How to become a bug-bounty hunter and do penetration testing.          Please send any comments to me.

This page updated: January 2019

Becoming a Bug-Bounty Hunter
Big Tools / Frameworks
Tools / Methodology
Attacks And Vulnerabilities

Becoming a Bug-Bounty Hunter

Ceos3c's "The different Phases of a Penetration Test"
PTES's "Penetration Testing Execution Standard"
OccupyTheWeb's "Become a Hacker"
Sebastian Vargas's "Different Angles of Cybersecurity"
djadmin / awesome-bug-bounty / Getting Started (huge; don't get lost in here)

The usual model is "pay for results": hacker gets paid if they find a problem. Bugcrowd also is rolling out "pay for effort": person gets paid like a contractor/consultant for running tests with a defined coverage and skill level.

Is "pay for results" a fair deal ? Can a bounty-hunter make a living ?
Depends on the competence and intentions of the bounty-hunter (and the following is written from a US perspective): Some grim reading:
Trail of Bits' "On Bounties and Boffins"
Jon Martindale's "Meet the bug bounty hunters making cash by finding flaws before bad guys"
Shaun Waterman's "The bug bounty market has some flaws of its own"
Sean (zseano)'s "Are you submitting bugs for free when others are being paid? Welcome to BugBounties!"

Some good news for bug bounty-hunters:

You can't learn or know everything, so you'll have to focus on some areas and mostly ignore others, for now.

OccupyTheWeb's "The Essential Skills to Becoming a Master Hacker"

About pentesting as a career-path, from /u/unvivid on reddit 12/2018:

Learn IT Operations/Engineering. Pen testing is about using operations/dev tools in creative ways, about abusing trust relationships. Most people I know that are good/great have background in IT ops and know how to manuever in those environments. They understand the challenges that operations has and don't beat on them. I'm not saying that people fresh out of school can't become great pentesters, they definitely can -- I know several. But shore up your lack of operational knowledge by building/testing/developing/engineering/Architecting. Don't focus solely on security. Deep dive IT Operations, know how to troubleshoot, know how to sysadmin and engineer networks. Know why things are built wrong/right -- understand what social/political/financial pressures drive companies. Build social skills, learn to communicate and think objectively. That's what gets people into cool jobs. ...


... Learn the Windows side, in passing at least. At the highest levels nearly everyone I know is OS agnostic. Yes we all love to sh*t talk MS, but nearly every environment I pentest is 90% Windows. Cloud has changed that somewhat and the winds are shifting. But knowledge of both stacks is good to have. I started my career as a Windows Sysadmin and I'd say that experience was a huge part of what got me into my first security gig. Tons of people love to sh*t on Windows, but it pays the bills and the days of the admin that couldn't script or just clicked through things is coming to an end.

What are your strengths ?

Understand the legalities and rules of engagement:

To me, the "money" and "security and correctness are important" items generally spell "corporate or govt apps" these days. There aren't going to be big bounties for finding some text-formatting bug in MS Office, or a play-flaw in some game, or bugs in open-source software such as Linux or Node packages. (Except see Julia Reda's "In January, the EU starts running Bug Bounties on Free and Open Source Software".)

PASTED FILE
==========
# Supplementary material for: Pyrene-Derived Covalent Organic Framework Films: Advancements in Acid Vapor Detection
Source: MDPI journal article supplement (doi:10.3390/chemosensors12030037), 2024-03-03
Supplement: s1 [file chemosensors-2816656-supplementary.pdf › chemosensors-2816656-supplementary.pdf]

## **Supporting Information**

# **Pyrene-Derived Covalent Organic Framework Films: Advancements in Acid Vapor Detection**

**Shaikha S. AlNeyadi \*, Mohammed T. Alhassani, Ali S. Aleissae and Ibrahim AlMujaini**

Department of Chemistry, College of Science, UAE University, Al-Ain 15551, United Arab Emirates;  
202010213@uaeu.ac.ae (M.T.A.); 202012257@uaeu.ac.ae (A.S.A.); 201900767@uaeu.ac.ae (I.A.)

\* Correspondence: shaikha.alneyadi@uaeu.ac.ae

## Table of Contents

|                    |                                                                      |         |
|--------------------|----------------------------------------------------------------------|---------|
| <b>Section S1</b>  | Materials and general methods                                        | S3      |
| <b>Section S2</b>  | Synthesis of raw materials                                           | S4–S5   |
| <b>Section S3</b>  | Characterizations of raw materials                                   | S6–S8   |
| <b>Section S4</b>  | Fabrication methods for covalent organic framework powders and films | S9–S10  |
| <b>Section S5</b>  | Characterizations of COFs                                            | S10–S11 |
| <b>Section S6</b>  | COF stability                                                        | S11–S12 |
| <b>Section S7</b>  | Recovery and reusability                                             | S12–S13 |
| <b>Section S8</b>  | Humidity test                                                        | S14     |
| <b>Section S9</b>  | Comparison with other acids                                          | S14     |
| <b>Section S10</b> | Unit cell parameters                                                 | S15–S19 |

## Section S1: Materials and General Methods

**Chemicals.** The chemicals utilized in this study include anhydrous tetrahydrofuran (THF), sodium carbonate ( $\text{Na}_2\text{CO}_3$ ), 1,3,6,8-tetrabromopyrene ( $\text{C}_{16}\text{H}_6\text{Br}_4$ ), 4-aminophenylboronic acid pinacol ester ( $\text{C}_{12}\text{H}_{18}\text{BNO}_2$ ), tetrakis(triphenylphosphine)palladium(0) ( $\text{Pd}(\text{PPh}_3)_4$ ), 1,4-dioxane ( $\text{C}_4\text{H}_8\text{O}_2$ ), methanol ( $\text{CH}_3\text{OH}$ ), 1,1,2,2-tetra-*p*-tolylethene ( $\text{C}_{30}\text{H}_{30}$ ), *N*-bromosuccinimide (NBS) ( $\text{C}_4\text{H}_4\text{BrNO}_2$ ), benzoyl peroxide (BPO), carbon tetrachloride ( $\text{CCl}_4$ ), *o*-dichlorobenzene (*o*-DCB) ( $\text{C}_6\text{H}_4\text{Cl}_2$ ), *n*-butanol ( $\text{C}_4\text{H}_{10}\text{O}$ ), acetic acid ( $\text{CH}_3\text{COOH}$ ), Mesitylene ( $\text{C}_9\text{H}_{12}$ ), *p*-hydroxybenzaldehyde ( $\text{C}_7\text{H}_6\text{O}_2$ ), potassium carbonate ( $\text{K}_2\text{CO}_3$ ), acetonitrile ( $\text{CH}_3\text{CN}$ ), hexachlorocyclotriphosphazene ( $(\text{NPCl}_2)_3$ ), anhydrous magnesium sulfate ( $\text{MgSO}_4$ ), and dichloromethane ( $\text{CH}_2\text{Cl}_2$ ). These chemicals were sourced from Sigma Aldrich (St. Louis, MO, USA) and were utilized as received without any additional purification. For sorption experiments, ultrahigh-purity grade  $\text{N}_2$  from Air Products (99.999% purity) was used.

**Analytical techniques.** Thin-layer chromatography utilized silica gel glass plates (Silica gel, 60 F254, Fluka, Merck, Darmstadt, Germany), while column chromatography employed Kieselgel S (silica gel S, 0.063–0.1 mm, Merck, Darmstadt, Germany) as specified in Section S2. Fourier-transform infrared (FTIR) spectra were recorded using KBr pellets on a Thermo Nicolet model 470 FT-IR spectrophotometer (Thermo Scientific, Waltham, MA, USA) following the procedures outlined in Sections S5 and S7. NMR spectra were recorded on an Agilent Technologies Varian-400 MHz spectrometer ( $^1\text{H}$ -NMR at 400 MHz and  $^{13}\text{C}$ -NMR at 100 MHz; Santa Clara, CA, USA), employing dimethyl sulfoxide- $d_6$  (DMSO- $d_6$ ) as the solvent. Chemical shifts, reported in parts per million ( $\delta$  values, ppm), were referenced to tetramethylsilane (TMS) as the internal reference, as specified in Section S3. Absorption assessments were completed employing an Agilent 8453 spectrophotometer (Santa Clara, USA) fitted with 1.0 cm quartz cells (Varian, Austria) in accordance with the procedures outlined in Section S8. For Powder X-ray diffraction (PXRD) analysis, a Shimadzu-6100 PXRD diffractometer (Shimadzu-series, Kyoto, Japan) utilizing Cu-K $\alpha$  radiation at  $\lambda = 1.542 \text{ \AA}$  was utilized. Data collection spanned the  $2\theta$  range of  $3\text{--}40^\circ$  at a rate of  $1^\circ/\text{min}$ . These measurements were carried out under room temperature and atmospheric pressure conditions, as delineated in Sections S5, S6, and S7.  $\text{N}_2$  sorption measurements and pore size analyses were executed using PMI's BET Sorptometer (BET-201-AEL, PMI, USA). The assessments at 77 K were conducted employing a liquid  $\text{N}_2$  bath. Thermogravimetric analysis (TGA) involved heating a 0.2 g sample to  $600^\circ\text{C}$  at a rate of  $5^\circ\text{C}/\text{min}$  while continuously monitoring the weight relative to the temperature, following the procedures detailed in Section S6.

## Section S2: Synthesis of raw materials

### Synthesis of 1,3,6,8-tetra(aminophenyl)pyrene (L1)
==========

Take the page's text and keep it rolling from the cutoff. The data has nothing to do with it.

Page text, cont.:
The trick probably is to find a target small enough that it hasn't been picked over by a lot of hunters, but big enough to have a bounty program.

Fisher's "[HackerOne] - Prioritizing and choosing a program to focus on"

"Want an easy way to find new bug bounties? Search for the term 'bug bounty' on Indeed or LinkedIn Jobs. You will see public AND private bounty programs."
from tweet by Paul Seekamp.

From /u/cym13 on reddit:

The advice with bug bounties is always the same: look for things nobody else thought of in places nobody else thought of.

It is good practice for websites setting up a bug bounty program to first perform a security assessment of the platform, or at the very least launch automatic detection tools.

Furthermore you're in competition with thousands of other researchers, so finding the obvious is not something you should strive for: if it's obvious, someone else will have found it before you. Maybe you'll be the lucky one but that's a game where there's not always a winner and always thousands of losers.

This means your efforts are best spent:

Success stories including some strategy:
Maycon Vitali's "Talk is cheap. Show me the money!"

Figure out resources for the given target:
Ceos3c's "The different Phases of a Penetration Test"
Luke Rixson's "Hacking how-to's: Developing your process"
Barrow's "How to Organize Your Tools by Pentest Stages"
Occupy4eles's "Use Magic Tree to Organize Your Projects"
OccupyTheWeb's "The Hacker Methodology"

More about this later.

How to report effectively:
More about this later.

After reporting:

Your bug will have to be:
  1. triaged,
  2. validated,
  3. evaluated,
  4. fixed,
  5. fix tested,
  6. fix deployed,
  7. then maybe publicized.
Payment may come at any stage. Third parties and Legal may be involved. Be patient. Don't disclose to anyone else without written approval.

What to expect from bug-bounty hunting:
kongwenbin's "A Review of my Bug Hunting Journey"
Marcin Szydlowski's "Inter-application vulnerabilities and HTTP header issues. My summary of 2018 in Bug Bounty programs."
Trail of Bits' "On Bounties and Boffins"
Erin Winick's "Life as a bug bounty hunter: a struggle every day, just to get paid"